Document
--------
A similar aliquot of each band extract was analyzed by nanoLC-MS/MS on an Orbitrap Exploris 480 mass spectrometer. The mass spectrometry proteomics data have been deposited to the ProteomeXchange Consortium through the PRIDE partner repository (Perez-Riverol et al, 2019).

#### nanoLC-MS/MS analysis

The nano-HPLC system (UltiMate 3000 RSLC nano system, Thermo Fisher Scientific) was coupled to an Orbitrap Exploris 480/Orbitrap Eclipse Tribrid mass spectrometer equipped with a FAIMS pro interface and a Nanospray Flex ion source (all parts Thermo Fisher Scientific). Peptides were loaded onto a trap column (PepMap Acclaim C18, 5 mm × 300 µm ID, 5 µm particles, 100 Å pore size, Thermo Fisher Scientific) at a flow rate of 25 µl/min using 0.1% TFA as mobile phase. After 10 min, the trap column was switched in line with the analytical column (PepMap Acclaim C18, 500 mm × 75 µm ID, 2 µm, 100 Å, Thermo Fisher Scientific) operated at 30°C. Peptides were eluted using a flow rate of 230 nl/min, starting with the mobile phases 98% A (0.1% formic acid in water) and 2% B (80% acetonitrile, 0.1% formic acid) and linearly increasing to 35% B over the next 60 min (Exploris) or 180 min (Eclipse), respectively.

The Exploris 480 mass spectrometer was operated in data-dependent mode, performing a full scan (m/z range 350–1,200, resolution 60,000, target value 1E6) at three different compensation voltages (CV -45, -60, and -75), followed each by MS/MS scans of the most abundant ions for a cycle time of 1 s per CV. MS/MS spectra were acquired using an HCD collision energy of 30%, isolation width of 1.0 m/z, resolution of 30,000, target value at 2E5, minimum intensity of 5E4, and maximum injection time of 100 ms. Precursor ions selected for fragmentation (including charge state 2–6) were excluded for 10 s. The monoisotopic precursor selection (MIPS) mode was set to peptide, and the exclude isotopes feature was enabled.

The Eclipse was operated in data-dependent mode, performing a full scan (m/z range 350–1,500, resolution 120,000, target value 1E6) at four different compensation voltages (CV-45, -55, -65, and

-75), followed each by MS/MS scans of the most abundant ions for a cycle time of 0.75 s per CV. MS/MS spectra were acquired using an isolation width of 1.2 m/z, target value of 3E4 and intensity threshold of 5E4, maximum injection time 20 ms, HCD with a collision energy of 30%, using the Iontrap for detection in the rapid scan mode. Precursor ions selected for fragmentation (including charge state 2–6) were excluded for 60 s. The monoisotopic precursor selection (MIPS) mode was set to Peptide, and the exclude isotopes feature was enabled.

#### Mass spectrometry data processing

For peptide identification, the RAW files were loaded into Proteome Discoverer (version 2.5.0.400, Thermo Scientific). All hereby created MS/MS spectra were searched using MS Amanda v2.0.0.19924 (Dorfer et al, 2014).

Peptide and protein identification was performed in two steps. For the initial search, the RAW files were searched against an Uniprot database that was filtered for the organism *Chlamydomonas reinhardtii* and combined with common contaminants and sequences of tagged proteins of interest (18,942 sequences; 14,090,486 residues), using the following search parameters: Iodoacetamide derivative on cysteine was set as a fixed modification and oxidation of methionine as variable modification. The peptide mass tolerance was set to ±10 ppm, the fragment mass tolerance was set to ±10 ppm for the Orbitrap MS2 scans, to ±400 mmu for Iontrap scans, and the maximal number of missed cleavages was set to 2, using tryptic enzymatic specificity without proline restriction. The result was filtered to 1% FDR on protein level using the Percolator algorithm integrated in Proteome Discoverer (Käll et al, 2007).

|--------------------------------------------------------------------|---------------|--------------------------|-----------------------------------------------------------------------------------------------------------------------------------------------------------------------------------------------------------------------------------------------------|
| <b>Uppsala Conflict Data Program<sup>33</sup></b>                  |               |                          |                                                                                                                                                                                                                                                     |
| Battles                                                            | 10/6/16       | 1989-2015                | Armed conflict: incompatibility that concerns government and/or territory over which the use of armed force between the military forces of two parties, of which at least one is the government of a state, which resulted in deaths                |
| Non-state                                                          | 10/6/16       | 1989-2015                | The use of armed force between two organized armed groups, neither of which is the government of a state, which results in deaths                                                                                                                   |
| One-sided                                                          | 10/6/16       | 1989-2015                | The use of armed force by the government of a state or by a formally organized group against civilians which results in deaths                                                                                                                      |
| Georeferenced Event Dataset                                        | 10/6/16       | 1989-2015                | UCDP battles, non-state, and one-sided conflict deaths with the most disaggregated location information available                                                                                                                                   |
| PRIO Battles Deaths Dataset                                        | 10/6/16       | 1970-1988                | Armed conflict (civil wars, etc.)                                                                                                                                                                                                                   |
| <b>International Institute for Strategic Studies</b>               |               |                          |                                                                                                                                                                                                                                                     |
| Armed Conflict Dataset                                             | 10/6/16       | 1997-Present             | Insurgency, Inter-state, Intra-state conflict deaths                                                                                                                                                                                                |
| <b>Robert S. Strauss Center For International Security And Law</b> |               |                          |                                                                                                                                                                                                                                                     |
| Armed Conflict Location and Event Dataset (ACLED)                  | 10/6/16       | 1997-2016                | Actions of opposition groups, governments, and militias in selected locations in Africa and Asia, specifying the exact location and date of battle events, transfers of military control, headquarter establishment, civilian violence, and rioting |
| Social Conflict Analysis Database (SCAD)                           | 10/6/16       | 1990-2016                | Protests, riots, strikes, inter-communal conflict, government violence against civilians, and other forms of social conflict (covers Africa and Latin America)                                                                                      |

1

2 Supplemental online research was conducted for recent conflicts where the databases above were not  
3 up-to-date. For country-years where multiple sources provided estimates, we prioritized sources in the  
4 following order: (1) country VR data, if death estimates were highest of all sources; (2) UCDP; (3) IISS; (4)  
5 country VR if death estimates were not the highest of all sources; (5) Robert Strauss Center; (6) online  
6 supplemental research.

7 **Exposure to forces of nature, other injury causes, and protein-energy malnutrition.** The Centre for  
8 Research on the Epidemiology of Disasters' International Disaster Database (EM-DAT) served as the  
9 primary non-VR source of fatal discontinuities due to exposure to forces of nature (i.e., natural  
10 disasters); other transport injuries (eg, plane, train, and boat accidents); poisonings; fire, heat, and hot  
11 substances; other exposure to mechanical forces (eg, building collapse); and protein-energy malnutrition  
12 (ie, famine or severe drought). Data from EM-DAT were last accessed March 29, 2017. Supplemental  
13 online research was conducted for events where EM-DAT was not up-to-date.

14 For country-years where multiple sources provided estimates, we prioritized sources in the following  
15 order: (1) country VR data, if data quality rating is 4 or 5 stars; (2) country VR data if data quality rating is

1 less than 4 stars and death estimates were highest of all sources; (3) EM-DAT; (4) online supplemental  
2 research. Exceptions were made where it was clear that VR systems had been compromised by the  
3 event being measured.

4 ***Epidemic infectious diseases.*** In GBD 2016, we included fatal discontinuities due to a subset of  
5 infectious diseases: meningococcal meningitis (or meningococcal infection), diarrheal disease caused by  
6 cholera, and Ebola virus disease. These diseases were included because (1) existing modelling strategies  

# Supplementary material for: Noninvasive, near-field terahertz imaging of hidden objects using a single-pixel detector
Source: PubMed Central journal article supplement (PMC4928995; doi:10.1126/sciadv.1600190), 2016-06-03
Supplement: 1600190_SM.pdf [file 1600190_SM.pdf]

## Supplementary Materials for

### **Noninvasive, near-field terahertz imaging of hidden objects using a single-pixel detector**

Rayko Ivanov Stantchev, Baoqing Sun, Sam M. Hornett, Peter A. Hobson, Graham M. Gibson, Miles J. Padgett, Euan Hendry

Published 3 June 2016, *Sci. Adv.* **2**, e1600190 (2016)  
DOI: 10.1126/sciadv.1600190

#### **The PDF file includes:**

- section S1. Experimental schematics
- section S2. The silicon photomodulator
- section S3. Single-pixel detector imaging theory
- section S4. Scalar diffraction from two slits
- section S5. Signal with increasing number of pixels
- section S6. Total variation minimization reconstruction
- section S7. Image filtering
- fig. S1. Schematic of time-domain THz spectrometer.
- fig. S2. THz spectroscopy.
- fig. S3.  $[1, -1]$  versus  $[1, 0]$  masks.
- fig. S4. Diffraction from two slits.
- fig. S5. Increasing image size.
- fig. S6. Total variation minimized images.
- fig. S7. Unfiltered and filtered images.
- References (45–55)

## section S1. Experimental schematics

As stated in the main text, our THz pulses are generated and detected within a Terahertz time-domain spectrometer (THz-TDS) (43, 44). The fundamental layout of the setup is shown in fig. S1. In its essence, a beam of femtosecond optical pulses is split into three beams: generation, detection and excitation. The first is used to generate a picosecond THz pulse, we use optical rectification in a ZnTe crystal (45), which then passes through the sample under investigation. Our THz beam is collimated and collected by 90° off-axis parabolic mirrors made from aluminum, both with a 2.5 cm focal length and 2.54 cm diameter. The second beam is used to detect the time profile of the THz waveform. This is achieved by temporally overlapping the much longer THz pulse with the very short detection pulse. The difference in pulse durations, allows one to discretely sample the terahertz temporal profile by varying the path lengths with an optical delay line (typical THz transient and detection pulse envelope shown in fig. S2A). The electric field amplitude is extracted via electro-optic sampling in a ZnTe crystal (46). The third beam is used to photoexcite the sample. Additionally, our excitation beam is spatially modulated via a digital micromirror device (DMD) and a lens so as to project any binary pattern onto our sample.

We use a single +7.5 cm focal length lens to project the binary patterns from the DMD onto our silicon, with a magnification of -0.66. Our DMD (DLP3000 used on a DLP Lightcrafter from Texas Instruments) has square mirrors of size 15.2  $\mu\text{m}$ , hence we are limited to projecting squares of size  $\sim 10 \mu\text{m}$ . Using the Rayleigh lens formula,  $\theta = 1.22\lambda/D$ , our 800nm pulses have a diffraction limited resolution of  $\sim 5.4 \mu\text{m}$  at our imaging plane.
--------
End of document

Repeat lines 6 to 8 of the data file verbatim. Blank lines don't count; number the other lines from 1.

-75), followed each by MS/MS scans of the most abundant ions for a cycle time of 0.75 s per CV. MS/MS spectra were acquired using an isolation width of 1.2 m/z, target value of 3E4 and intensity threshold of 5E4, maximum injection time 20 ms, HCD with a collision energy of 30%, using the Iontrap for detection in the rapid scan mode. Precursor ions selected for fragmentation (including charge state 2–6) were excluded for 60 s. The monoisotopic precursor selection (MIPS) mode was set to Peptide, and the exclude isotopes feature was enabled.

#### Mass spectrometry data processing

For peptide identification, the RAW files were loaded into Proteome Discoverer (version 2.5.0.400, Thermo Scientific). All hereby created MS/MS spectra were searched using MS Amanda v2.0.0.19924 (Dorfer et al, 2014).